The alliance, including the Aeronautical Repair Station Association, the Aerospace Maintenance Council, Airlines for America, the Aviation Technician Education Council, the Cargo Airline Association, the General Aviation Manufacturers Association, Helicopter Association International, the National Air Transportation Association, a former member of the National Transportation Safety Board and the Regional Airline Association, asked that the two categories be replaced with three occupations: certificated mechanics, certificated repairmen and non-certificated technicians. The coalition argued that classifying workers using FAA certification is the most logical and useful method; since aviation safety rules use the same definitions to dictate precisely who is allowed to perform maintenance, preventive maintenance and alteration tasks.
For AMTS, a change in the classification structure would mean more precise wage and outlook information to help recruit potential A&P mechanics. Currently, federal occupational data for Aircraft Mechanics and Service Technicians and Avionics Technicians does not take into consideration whether the person has an A&P license. Theoretically, a change in the structure would reflect a higher starting pay for those with a mechanic certificate (as opposed to aviation technician positions that do not hold a certificate).
Reclassification, along with other planned improvements to the Department of Labor’s analysis tools, would also positively influence the “industry outlook” for aviation mechanics, which, according to O*NET OnLine, does not include rapid growth or a large number of job openings. A “bright outlook” categorization often determines whether a career counselor will recommend a career path, making the designation extremely important for the future aviation workforce.
ATEC looks forward to working with our industry partners and government agencies to ensure the future of aviation maintenance is properly reflected as shiny and bright.
As part of the airman certification standards (ACS) development, the FAA's newly-created Aviation Exam Board (AEB) will be reviewing each question in the knowledge test bank. Its first round of edits will address the "low handing fruit"; that is, questions that should be removed from the bank entirely.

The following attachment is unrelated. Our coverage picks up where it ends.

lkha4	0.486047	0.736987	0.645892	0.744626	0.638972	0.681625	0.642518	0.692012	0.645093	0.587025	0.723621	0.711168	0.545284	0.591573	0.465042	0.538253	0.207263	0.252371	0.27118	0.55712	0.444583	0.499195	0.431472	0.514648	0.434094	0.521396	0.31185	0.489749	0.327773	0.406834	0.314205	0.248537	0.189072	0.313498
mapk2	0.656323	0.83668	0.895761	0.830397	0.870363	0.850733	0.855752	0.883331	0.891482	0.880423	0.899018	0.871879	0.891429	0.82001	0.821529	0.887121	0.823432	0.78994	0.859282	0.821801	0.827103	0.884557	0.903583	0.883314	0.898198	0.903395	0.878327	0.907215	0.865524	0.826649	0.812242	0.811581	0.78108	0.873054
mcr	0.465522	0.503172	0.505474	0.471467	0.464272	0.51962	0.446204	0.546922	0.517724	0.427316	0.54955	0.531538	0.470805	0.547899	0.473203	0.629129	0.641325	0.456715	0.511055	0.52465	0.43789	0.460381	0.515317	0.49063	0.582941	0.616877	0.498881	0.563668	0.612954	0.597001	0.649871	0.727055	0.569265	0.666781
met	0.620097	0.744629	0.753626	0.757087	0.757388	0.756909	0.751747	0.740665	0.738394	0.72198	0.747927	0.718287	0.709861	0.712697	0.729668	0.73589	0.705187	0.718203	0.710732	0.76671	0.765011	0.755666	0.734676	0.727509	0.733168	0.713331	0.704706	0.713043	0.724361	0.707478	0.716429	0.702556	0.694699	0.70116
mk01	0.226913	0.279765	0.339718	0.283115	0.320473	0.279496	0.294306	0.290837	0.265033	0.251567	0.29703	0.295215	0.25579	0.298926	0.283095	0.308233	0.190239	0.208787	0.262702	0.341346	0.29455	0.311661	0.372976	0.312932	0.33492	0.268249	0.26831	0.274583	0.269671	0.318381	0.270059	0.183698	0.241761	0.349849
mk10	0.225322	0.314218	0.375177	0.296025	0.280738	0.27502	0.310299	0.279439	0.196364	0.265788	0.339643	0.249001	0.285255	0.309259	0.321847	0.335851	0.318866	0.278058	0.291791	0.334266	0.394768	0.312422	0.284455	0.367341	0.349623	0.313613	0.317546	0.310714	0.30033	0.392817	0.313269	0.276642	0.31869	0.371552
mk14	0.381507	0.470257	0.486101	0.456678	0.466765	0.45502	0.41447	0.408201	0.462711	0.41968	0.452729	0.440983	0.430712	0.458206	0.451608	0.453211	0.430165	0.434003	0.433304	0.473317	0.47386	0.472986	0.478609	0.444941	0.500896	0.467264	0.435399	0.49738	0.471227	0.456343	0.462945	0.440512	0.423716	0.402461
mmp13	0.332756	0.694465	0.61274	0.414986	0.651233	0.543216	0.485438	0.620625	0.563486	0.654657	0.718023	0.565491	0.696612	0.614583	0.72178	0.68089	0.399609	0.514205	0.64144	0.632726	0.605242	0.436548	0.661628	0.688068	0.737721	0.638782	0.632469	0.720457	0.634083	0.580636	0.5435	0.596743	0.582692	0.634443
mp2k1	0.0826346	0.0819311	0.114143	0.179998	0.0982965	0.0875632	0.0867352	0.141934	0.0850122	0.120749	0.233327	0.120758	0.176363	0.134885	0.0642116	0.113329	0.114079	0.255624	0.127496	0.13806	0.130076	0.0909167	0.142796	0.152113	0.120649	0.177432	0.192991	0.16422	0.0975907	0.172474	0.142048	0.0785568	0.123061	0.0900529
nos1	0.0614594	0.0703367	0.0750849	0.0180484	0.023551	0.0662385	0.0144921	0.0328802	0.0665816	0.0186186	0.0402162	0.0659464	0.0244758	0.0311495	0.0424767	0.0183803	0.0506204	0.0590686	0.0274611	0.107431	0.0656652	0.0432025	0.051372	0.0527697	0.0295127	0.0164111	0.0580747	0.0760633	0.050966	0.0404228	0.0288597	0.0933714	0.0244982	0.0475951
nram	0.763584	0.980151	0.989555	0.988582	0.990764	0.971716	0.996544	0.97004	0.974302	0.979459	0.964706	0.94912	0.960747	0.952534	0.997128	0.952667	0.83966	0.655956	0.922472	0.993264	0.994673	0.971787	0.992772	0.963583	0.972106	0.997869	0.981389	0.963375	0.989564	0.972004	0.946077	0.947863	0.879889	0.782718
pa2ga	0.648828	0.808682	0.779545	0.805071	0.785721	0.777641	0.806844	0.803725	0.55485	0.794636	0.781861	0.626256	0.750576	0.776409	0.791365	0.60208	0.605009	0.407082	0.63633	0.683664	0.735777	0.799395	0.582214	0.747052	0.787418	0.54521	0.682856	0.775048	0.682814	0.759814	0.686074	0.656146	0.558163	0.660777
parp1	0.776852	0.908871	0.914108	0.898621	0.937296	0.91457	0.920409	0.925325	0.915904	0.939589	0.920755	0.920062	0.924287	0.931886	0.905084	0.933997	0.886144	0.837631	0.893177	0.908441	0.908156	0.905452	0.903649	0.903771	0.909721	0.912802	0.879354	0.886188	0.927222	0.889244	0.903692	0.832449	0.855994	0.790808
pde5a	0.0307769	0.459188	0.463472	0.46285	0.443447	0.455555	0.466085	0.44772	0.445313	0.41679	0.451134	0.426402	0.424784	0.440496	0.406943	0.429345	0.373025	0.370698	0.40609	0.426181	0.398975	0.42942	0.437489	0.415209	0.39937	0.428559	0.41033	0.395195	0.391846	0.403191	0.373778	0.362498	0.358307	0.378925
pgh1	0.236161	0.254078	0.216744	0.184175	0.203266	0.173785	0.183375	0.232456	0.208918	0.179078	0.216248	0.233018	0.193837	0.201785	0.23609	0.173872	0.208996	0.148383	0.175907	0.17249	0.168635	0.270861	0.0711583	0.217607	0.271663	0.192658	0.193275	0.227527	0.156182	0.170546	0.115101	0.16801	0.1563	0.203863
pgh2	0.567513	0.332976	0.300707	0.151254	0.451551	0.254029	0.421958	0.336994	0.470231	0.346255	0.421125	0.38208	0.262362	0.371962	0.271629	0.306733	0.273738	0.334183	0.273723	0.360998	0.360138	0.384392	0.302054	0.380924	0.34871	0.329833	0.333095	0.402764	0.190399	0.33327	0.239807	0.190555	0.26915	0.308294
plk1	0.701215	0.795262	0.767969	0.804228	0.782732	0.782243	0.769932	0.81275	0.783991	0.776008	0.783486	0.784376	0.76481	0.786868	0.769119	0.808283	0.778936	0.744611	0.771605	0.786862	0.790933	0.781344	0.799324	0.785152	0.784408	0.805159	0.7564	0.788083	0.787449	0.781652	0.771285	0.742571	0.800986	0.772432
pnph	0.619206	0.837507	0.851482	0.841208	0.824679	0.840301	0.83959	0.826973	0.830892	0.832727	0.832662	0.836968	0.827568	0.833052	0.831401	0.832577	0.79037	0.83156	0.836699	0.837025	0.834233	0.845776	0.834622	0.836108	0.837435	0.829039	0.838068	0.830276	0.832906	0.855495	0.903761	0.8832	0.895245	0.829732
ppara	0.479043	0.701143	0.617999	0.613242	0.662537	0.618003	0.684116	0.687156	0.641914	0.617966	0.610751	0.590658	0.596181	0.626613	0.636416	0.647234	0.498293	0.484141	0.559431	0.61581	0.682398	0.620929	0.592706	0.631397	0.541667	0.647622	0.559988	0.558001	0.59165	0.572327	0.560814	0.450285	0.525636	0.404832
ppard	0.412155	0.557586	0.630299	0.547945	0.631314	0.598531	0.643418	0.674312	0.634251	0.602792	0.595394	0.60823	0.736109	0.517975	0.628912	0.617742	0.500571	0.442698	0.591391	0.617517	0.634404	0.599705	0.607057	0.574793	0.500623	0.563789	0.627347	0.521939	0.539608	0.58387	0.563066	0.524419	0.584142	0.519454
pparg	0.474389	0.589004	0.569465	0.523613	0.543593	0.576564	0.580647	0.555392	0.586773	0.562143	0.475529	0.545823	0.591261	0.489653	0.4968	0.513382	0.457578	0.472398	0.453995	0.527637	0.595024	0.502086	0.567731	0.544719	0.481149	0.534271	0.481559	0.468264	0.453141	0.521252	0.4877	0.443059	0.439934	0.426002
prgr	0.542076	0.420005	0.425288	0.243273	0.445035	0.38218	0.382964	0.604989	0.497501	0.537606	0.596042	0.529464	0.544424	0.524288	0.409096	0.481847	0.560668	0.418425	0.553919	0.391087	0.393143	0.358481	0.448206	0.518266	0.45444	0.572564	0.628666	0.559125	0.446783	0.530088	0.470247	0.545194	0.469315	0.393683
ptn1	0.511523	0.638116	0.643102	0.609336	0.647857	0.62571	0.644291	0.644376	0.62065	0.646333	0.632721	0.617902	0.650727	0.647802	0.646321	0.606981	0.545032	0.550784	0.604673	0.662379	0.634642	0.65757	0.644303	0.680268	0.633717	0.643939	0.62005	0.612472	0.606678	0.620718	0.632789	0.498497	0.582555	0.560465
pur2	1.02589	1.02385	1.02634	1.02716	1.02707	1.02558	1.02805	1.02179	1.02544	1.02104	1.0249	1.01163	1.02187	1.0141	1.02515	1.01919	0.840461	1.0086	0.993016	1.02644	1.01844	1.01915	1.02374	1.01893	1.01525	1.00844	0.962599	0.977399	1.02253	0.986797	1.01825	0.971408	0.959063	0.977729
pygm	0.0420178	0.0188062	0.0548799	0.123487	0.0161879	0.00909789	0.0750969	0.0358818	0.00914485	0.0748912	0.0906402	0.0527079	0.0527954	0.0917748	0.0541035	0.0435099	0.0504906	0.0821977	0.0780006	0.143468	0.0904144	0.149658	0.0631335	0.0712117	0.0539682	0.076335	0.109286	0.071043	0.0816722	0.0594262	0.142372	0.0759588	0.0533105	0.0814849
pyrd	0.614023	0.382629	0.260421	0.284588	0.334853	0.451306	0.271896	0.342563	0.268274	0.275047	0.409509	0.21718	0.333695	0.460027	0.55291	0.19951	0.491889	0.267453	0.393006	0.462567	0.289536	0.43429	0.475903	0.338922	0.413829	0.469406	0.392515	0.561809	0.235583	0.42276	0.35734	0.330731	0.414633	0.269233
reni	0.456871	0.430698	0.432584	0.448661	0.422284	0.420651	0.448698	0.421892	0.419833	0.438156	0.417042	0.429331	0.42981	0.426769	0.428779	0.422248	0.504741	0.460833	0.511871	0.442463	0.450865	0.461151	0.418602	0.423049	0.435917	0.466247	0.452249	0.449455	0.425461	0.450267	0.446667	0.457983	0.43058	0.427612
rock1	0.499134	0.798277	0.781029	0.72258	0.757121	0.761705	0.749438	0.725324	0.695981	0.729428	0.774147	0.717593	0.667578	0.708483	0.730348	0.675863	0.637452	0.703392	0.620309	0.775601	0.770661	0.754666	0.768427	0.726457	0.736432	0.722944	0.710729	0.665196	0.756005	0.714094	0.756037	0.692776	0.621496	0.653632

Through the ACS working group, the FAA is requesting feedback on the current general knowledge sample exam. Comments will be considered as the AEB begins their work to review and update the the knowledge test bank.
ATEC will compile all feedback received from the membership for consideration by the AEB. Member comment is due to email@example.com by Oct. 6.
An FAA and industry working group continues development of the aviation maintenance technician airman certification standard, which will set the framework moving forward for the written, oral and practical A&P mechanic test. The initial draft combining general, airframe and powerplant is available for download here. Member comment is due to firstname.lastname@example.org by Oct. 6.
The ACS is fundamentally an enhanced version of the practical test standards (PTS), with the addition of knowledge and risk management elements to each subject area. The result is a comprehensive document that outlines what an applicant needs to know, consider, and do in order to pass both the knowledge and practical tests for a mechanic certificate.
The timing of ACS development and part 147 rulemaking activities gives our community a unique opportunity to ensure teaching requirements are in line with mechanic testing standards. ATEC will continue to request that AMTS have the ability to teach to that standard free of prescriptive requirements and defined subject areas. The ACS would naturally be the basis and framework for every AMTS teaching curriculum, which is why it’s so important that the AMTS community participate in its development.